Claims by scientists that a 17-mile super particle accelerator will likely re-produce a mini version of a the Big Bang has had virtually no effect on the faith of many Christians who still believe God is the Creator of life.
Researchers from the European Organization for Nuclear Research switched on the Large Hadron Collider (LHC), located just outside Geneva, last Wednesday. They plan on using the enormous linear machine to accelerate two beams of protons to near light speed and then smash the particles into each other in hopes of creating concentrations of energy which they believe were mimic seconds after the Big Bang. Additionally, scientists hope to find evidence of the Higgs boson, also known as the God Particle, believed to add mass to matter.
Scientists have only fired test shots and won't start making steps toward the main objective of the experiment until mid-October when larger-scale firings are scheduled.
But some critics are telling on-lookers not to hold their breath.
"[O]ur guess is that no matter what happens when the beams collide, researchers will use it to justify and/or explain what they believe happened in the moments after the big bang," Peter Galling of Answers in Genesis recently remarked on the group's Website.
Answers in Genesis holds the belief of Young-Earth Creationism, the view that God created the earth as detailed by the literal account of Genesis. The organization is behind the Creation Museum, located in Kentucky, which showcases Adam and Eve along with dinosaurs and has an exhibit on Noah's Ark.
Ironically, the Big Bang experiment is also a matter of faith, suggested Galling.
"The problem is that because the big bang was (allegedly) a one-time event—just like creation in Genesis — no amount of 'repeating it' nor any scientific experiments could provide evidence for it," he wrote. "Rather, it must be accepted on faith, and then the results interpreted within that framework."
He added, "[T]he LHC experiments will no more confirm the big bang than creationists could confirm Genesis 1 by shining a flashlight on a swimming pool on a dark night, saying, 'Let there be light' and leaning over the surface of the deep."
Information about the Big Bang found on the group's Website says that the Big Bang is only a story of what happened afterwards and fails to offer an explanation for the origins of the universe.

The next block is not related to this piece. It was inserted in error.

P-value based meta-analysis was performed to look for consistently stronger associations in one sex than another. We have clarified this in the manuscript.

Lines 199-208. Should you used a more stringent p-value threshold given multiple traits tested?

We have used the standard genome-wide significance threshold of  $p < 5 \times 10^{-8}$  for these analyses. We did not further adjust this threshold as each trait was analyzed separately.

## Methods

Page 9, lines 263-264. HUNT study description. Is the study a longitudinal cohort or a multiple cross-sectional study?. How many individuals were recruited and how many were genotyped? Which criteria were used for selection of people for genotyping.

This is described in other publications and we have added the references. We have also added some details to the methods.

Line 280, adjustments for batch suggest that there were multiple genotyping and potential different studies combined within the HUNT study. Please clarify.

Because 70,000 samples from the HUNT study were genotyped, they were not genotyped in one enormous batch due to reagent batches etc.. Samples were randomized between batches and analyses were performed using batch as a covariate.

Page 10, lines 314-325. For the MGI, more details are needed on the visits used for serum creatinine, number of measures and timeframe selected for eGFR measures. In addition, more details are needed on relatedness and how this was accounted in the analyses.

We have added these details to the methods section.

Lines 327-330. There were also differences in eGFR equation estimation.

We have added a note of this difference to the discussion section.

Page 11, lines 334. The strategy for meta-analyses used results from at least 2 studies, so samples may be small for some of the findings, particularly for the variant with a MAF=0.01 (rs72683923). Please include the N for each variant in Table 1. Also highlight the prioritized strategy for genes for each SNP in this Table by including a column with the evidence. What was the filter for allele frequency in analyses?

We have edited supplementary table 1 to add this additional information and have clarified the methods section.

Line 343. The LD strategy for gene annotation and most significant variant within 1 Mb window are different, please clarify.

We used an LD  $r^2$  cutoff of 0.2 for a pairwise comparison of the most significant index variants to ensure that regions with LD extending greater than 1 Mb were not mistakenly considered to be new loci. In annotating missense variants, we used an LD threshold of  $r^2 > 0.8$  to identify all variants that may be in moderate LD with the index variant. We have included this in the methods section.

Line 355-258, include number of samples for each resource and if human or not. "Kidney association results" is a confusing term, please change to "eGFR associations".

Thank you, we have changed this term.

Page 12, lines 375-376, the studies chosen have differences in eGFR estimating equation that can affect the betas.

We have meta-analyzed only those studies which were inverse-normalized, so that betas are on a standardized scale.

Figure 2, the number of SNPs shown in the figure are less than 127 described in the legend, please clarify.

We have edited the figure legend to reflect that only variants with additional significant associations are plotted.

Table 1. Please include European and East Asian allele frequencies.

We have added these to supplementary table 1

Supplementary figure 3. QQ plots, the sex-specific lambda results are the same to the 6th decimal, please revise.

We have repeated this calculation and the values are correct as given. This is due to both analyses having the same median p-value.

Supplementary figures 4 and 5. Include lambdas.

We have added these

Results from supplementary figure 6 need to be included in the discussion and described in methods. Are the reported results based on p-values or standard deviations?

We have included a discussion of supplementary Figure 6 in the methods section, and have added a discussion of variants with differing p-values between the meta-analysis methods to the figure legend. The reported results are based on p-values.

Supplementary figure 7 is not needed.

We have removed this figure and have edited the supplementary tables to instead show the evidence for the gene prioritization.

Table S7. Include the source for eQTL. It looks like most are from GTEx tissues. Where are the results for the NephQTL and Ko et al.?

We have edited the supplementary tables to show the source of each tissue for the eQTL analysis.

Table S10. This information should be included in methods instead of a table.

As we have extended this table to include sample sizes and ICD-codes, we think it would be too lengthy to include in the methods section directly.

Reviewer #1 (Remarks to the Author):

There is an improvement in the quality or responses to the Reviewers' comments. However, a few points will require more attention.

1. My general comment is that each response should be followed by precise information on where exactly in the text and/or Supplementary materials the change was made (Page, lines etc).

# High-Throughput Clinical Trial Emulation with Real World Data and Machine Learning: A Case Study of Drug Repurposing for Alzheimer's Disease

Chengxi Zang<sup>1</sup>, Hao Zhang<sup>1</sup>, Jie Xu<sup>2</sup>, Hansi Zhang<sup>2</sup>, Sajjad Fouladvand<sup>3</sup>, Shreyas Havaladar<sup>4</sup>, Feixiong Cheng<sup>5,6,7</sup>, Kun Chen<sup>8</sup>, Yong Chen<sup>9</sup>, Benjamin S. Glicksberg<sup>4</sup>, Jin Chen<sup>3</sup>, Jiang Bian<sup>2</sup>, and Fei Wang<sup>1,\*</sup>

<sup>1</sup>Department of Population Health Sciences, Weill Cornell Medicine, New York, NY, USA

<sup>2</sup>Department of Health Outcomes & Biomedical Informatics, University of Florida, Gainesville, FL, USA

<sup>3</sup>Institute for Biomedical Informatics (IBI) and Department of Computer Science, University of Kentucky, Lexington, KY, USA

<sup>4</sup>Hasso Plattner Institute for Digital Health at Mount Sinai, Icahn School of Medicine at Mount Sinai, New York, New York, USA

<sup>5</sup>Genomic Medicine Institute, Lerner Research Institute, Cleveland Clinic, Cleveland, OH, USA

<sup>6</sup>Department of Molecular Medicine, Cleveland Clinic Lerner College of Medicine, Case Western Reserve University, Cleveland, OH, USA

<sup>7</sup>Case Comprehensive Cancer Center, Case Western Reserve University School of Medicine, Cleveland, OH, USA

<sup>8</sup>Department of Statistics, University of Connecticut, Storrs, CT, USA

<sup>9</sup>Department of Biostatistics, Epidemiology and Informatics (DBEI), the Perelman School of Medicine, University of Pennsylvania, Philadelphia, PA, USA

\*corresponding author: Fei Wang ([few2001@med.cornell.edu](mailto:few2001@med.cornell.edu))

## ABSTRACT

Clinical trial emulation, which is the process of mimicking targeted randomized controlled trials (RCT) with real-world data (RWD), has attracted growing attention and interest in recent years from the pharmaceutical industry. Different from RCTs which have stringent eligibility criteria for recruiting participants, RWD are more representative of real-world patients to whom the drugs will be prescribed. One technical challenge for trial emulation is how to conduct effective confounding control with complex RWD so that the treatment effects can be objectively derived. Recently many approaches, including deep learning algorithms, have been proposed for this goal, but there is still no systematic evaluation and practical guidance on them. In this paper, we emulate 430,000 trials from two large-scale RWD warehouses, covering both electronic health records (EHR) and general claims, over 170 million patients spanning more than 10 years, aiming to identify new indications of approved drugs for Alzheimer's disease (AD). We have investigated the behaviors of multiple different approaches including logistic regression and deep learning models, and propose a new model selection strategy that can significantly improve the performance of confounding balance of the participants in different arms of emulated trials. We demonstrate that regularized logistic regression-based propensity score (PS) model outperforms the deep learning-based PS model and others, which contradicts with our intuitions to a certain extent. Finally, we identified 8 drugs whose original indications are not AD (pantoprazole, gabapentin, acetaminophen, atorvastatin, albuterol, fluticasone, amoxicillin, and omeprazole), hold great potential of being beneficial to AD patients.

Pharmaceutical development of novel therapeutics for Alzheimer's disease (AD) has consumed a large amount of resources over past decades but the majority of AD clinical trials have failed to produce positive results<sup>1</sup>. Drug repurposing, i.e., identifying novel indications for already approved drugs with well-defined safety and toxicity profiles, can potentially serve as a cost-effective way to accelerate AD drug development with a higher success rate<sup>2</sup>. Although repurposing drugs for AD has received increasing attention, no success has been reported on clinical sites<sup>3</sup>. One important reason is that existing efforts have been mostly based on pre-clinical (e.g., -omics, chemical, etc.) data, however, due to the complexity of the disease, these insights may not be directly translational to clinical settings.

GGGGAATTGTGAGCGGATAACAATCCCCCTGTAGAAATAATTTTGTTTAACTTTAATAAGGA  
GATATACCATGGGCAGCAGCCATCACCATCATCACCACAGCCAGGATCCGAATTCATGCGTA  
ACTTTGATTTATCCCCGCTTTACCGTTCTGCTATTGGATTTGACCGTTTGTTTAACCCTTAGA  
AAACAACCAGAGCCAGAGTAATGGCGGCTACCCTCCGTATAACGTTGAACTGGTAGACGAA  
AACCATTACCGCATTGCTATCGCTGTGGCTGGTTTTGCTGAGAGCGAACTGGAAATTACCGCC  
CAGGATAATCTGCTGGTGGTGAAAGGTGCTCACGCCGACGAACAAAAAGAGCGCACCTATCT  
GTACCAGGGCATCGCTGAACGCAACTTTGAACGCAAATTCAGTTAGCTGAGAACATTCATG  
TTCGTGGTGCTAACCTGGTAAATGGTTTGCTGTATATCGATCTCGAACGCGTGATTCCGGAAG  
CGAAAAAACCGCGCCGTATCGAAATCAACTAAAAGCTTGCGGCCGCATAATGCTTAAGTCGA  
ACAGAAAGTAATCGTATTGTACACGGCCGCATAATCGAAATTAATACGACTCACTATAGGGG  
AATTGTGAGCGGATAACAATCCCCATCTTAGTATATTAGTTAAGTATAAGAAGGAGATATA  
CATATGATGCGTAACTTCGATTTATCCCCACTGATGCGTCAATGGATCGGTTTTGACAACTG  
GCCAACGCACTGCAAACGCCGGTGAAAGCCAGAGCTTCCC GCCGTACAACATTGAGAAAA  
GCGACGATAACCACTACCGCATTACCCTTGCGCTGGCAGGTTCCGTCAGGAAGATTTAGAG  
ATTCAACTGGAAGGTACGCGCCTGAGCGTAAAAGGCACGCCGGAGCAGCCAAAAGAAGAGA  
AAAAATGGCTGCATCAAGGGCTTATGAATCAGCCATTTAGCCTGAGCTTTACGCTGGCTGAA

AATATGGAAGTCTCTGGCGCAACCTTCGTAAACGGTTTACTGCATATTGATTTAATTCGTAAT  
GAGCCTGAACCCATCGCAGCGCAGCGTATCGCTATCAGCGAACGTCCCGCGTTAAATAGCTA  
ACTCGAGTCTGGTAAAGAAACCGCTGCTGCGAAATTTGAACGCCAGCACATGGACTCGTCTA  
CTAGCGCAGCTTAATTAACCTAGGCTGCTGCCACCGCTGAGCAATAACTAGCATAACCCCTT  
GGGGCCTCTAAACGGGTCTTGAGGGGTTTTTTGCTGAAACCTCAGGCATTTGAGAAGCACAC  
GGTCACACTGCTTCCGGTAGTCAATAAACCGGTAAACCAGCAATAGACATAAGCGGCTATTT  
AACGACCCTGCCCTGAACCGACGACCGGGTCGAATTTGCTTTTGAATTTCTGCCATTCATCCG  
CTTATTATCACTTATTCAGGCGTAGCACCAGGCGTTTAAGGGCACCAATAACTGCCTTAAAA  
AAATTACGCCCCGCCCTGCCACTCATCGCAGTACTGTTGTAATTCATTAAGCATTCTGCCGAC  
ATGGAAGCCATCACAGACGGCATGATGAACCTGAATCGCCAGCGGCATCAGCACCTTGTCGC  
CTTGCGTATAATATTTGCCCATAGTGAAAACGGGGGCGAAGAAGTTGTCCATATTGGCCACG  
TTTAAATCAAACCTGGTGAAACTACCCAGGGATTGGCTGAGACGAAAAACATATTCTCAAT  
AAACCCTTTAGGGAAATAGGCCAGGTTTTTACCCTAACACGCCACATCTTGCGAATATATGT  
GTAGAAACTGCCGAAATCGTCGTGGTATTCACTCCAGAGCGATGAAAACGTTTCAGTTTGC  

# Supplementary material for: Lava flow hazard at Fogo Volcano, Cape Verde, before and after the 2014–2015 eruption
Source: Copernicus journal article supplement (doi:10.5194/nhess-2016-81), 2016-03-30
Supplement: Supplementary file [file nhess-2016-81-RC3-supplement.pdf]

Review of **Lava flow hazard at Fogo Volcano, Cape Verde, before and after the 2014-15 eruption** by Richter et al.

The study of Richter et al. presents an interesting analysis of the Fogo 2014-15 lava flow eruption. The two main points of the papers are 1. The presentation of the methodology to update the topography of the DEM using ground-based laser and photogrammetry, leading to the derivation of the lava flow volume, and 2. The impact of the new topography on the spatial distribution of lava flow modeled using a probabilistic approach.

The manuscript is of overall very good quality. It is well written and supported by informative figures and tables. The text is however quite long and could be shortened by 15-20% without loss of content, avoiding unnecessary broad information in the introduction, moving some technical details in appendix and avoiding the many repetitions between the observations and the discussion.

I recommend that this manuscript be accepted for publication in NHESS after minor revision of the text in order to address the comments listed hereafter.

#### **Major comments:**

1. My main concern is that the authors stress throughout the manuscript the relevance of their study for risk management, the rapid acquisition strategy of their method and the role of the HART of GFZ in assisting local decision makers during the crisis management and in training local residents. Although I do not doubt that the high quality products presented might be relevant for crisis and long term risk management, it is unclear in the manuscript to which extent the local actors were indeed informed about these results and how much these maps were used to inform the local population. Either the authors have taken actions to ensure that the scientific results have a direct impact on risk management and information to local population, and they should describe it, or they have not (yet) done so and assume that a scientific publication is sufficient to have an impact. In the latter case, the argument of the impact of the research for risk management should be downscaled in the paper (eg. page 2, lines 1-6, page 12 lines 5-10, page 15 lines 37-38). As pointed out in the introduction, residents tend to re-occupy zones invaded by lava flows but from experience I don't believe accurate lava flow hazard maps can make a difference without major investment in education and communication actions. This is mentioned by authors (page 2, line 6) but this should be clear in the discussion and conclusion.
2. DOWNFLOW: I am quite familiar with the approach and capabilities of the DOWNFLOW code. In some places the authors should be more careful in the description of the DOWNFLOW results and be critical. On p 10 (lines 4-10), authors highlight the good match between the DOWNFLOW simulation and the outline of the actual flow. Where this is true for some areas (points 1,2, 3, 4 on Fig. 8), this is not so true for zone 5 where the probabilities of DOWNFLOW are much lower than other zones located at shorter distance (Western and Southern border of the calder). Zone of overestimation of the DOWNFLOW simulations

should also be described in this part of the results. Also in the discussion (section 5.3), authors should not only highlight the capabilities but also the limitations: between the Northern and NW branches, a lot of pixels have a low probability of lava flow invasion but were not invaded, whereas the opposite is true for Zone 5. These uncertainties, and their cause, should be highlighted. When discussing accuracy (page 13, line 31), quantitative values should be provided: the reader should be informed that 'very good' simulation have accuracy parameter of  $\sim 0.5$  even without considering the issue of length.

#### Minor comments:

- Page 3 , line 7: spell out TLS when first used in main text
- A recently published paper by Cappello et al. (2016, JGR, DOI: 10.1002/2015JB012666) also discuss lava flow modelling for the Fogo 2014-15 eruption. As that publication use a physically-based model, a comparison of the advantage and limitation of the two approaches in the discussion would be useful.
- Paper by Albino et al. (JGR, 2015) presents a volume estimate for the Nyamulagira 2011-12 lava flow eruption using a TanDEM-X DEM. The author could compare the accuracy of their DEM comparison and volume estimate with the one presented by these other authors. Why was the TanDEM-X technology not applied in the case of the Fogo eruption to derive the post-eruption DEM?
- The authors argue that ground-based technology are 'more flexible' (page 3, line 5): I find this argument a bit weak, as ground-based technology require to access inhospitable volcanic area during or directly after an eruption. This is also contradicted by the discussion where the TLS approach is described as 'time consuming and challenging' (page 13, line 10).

The experiment has drawn also strong reactions from Christians in the blogosphere.
One blogger who linked to Galling's response in his posting on the Big Bang experiment felt the scientists were trying to disprove God.
One Christian commented in response that he held no qualms about the scientific endeavor.
"This post is typical of narrow-minded Christianity," wrote LayGuy. "They're trying to understand the nature of matter - not disprove God."
He optimistically said he hopes the discoveries by scientists can draw them closer to the Divine.
"These laws are what these scientists are trying to understand. And I hope that if it's pursued without bias, many of these scientists will be struck in awe at the awesome amount of design in our physical world."
Early physicists had "a large degree of openness towards the Christian faith," said scientist and theologian the Rev. Dr. David Wilkinson on a United Kingdom radio program last week, The Church Times reported.
According to The Times, Wilkinson will be leading the first online degree program at the Anglican Theological Training College, Cranmer Hall, this fall that examines "the new dialogue of science and theology in mission and ministry."
Wilkinson, who was a scientist before becoming the principal of St. John's College of Durham University in the U.K., told The Journal that he welcomed the Big Bang experiment.
"As a Christian theologian and astrophysicist I am excited by the possibilities. I am amazed by the construction of the LHC and excited by the opportunity to study in detail some of the crucial questions of the composition and early evolution of our universe," he said.
"It in no way worries or undermines Christian faith and I welcome the possibilities of new insights into creation."